On a team short on true out-and-out wide players, Aaron Lennon stands out as nearly the only natural winger at Everton. With Gerard Deulofeu on loan, the Englishman might have been the only attacker at Goodison Park after January who actually prefers to play out wide.
A variety of factors prevented Lennon from being able to fill an obvious hole this season, and his return to the club faces substantial uncertainty.
Lennon’s pure pace remains his greatest asset. In attack, his speed impacts the way opposing defenses approach Everton. The 30-year-old adopts wide starting positions and is always a threat to sneak in behind opposing defenses, keeping his opposite full-back honest and creating space in the center of the pitch.
In defense, Lennon uses his pace to get back and cover for his own full-backs when they get forward. His work rate is incredibly high and he’s a willing defender, making him an ideal winger when the Toffees play high-quality opponents. It should come as no surprise that two of Lennon’s six starts this season came against Arsenal and Liverpool in December.
The English winger isn’t the most technically gifted player. His passing, shooting, crossing, and dribbling are all acceptable for a depth player at a club like Everton, but he’s not gifted enough in those areas to be a regular starter, particularly as the club continues to grow.
In 13 appearances in all competitions this season, Lennon picked up one goal (against Yeovil Town in the EFL Cup) and an assist (in a seven-minute substitute appearance in a 3-2 loss to Watford). His pass completion percentage was 80.6 percent, and he completed around one key pass per 90 minutes.
Lennon is at his best when employed in an off-wing role — that is, when his team focuses its attack through the wing opposite Lennon. The Englishman’s off-ball movement is excellent, and his speed keeps opponents guessing, while his on-ball skills can be lacking at times — so this role clearly makes the most sense.
However, Lennon lined up most frequently on the right this season, in front of Seamus Coleman. Because Ronald Koeman and Everton look to play through the Irish full-back so frequently, Lennon often found himself the focal point of the attack as well, and struggled with that pressure.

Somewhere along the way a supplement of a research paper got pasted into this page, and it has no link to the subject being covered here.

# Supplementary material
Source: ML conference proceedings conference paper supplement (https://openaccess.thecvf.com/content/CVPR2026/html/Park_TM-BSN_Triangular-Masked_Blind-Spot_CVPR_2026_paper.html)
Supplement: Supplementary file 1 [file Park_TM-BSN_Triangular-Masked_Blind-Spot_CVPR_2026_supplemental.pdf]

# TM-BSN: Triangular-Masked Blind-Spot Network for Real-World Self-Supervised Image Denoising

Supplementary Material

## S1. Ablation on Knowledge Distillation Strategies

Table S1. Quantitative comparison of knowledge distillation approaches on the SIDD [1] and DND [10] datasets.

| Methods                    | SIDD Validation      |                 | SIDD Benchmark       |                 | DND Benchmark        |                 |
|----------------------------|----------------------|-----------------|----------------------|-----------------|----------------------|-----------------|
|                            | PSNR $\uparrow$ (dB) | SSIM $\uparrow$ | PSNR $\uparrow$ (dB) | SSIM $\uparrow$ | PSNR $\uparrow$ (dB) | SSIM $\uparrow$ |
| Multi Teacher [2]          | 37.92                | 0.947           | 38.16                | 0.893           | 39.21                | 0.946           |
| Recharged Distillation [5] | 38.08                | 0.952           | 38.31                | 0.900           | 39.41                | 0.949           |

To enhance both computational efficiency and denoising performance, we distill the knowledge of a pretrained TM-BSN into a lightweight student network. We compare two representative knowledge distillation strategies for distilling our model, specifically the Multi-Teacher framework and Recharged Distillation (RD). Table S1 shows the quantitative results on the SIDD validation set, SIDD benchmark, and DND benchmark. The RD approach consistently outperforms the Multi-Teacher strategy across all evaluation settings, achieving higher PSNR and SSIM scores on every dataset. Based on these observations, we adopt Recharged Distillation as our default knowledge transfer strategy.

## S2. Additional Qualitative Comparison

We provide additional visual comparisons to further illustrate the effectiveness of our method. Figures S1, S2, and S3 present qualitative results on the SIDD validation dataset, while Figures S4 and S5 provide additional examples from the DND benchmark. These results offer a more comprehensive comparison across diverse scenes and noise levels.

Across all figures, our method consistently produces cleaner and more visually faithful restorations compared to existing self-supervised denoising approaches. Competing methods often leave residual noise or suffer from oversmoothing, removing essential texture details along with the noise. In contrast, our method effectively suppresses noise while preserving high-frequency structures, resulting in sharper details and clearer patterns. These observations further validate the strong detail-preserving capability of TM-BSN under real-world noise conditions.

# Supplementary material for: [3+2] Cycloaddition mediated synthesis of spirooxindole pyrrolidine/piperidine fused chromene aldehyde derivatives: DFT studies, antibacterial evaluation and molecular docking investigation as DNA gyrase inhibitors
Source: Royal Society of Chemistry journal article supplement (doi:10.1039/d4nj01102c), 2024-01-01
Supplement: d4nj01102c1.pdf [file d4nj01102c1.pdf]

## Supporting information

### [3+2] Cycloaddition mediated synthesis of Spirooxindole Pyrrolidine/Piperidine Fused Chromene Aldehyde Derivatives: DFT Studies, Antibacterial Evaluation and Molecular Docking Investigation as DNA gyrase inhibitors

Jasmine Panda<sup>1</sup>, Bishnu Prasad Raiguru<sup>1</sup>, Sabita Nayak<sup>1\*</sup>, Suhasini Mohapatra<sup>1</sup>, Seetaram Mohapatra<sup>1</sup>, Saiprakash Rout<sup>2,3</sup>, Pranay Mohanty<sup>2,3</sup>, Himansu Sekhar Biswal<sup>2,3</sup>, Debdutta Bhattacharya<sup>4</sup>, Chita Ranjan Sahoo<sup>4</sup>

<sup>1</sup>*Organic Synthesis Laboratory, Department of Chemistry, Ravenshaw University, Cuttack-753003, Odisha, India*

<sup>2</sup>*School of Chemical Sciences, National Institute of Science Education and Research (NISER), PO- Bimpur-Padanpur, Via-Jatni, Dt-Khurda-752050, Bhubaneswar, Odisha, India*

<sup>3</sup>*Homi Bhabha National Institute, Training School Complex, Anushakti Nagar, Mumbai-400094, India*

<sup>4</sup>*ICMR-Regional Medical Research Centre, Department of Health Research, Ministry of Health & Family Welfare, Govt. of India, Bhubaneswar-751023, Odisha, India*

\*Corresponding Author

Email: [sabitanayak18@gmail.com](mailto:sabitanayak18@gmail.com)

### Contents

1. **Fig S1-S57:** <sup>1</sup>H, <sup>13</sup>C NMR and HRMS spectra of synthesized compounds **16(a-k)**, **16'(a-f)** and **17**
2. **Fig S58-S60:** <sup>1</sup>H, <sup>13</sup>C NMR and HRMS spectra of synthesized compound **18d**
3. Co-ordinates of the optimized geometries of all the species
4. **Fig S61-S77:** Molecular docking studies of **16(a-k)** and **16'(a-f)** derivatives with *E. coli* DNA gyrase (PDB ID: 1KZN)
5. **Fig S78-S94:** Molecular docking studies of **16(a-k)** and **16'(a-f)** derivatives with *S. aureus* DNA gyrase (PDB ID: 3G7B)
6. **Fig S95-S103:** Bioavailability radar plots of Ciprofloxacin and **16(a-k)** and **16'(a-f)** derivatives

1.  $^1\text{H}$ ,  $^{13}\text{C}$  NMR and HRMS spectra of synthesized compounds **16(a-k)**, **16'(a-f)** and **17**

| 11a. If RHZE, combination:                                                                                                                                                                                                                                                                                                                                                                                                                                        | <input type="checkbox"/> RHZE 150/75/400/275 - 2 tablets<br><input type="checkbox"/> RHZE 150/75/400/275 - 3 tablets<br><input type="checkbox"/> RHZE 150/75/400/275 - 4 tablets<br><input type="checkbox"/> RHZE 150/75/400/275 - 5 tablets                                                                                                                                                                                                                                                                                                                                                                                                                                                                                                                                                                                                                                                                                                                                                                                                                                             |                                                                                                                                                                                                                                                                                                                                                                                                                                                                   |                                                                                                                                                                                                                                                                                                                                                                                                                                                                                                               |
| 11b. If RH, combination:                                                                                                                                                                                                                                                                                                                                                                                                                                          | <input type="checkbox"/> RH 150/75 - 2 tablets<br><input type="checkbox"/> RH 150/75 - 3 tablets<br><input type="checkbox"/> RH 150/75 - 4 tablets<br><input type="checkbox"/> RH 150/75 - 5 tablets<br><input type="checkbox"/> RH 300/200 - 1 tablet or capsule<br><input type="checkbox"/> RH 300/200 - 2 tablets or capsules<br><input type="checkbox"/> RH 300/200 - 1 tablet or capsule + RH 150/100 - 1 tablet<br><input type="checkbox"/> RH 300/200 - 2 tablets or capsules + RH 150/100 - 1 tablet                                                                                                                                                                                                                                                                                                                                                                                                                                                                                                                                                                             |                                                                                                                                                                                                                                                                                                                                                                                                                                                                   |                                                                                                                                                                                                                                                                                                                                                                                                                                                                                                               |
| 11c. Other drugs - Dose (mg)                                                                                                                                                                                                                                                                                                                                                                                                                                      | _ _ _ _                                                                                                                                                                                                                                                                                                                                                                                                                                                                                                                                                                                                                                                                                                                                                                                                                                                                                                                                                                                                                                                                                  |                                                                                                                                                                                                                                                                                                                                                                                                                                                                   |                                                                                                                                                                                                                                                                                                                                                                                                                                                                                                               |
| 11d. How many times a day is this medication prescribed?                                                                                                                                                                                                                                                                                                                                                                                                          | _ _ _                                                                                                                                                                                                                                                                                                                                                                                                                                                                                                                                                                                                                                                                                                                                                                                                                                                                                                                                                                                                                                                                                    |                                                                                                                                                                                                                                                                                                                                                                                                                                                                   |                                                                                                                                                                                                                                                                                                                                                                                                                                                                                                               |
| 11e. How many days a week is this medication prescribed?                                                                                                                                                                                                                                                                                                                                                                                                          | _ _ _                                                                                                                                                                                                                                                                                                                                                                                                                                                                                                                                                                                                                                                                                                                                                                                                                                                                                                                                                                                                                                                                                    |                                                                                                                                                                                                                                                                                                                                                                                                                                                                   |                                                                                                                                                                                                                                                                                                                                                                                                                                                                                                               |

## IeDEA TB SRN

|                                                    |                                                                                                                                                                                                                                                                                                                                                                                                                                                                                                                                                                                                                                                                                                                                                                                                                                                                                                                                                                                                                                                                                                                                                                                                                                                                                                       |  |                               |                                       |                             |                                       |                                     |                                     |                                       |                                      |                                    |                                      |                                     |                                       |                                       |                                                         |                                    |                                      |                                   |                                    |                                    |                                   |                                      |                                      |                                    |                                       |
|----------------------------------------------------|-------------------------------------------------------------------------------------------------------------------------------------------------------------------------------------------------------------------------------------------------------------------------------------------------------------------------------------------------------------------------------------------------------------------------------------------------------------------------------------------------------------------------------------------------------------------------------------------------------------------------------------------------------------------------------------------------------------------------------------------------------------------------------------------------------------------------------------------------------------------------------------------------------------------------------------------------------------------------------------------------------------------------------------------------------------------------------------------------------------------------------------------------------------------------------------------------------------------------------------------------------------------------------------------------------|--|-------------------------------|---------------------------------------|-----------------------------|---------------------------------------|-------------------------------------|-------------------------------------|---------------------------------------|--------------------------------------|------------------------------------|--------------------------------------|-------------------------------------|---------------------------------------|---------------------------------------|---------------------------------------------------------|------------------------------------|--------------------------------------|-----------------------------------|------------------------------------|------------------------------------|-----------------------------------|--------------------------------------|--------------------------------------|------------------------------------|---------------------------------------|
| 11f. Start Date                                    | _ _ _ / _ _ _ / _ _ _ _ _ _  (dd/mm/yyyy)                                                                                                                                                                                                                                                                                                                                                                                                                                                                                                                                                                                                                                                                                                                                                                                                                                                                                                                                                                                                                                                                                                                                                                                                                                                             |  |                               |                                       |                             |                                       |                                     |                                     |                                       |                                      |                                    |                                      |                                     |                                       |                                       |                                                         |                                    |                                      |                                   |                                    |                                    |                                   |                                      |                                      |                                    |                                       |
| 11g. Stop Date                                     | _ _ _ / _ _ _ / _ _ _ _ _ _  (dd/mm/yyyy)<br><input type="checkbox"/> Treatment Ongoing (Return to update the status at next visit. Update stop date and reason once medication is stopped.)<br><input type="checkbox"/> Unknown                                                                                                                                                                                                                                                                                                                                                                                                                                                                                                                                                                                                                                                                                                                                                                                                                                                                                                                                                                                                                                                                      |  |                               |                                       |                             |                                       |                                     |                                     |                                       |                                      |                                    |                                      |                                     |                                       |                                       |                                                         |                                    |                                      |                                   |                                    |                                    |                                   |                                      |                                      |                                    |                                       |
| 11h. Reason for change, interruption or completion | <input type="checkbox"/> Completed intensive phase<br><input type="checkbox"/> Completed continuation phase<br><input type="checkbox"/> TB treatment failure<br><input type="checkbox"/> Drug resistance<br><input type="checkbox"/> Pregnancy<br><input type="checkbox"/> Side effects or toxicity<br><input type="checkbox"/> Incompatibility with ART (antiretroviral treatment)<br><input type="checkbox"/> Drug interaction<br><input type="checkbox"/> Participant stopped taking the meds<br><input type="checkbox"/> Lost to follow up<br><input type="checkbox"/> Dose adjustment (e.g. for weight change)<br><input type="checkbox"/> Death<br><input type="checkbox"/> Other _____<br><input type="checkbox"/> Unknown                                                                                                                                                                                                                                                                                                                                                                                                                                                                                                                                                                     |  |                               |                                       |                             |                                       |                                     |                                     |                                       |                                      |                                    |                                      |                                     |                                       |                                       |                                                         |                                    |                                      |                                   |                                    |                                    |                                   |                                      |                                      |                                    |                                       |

Lennon might have fit nicely into the left-wing role when Ross Barkley played ahead of Coleman on the right wing, but he never got a chance to do so.
Injuries kept Lennon sidelined for most of 2017, but as he neared a return from physical injury, mental illness became a new obstacle. On May 2, Lennon was detained by police under the Mental Health Act after a 20-minute discussion with authorities while standing by a busy road.
The club reported that Lennon was receiving treatment for a “stress-related illness,” and little has been made known about the player’s condition since the incident.
Even before the incident related to his stress-related illness, Lennon’s future with the club was potentially a little unclear. Koeman didn’t utilize the English winger much in the admittedly limited time he was healthy — and Lennon was injured for so much of the season, it’s hard to get a good grip on exactly what Koeman thinks of the player.
Of course, Lennon plays at a position of obvious need for the Toffees. Gerard Deulofeu may be back next season, but Enner Valencia will not be, and the club has been linked with very few wingers in the transfer market. Ademola Lookman and Dominic Calvert-Lewin both showed well in the FIFA U-20 World Cup and can play out wide, but experienced players will be needed as well, particularly in the Europa League campaign.
All of this is absolutely secondary to Lennon’s mental health though. Before any serious considerations can be made about his footballing future, the most important thing is for Aaron Lennon to receive the treatment he needs to have his life on the right track, with or without the game.
Get well soon, Aaron.
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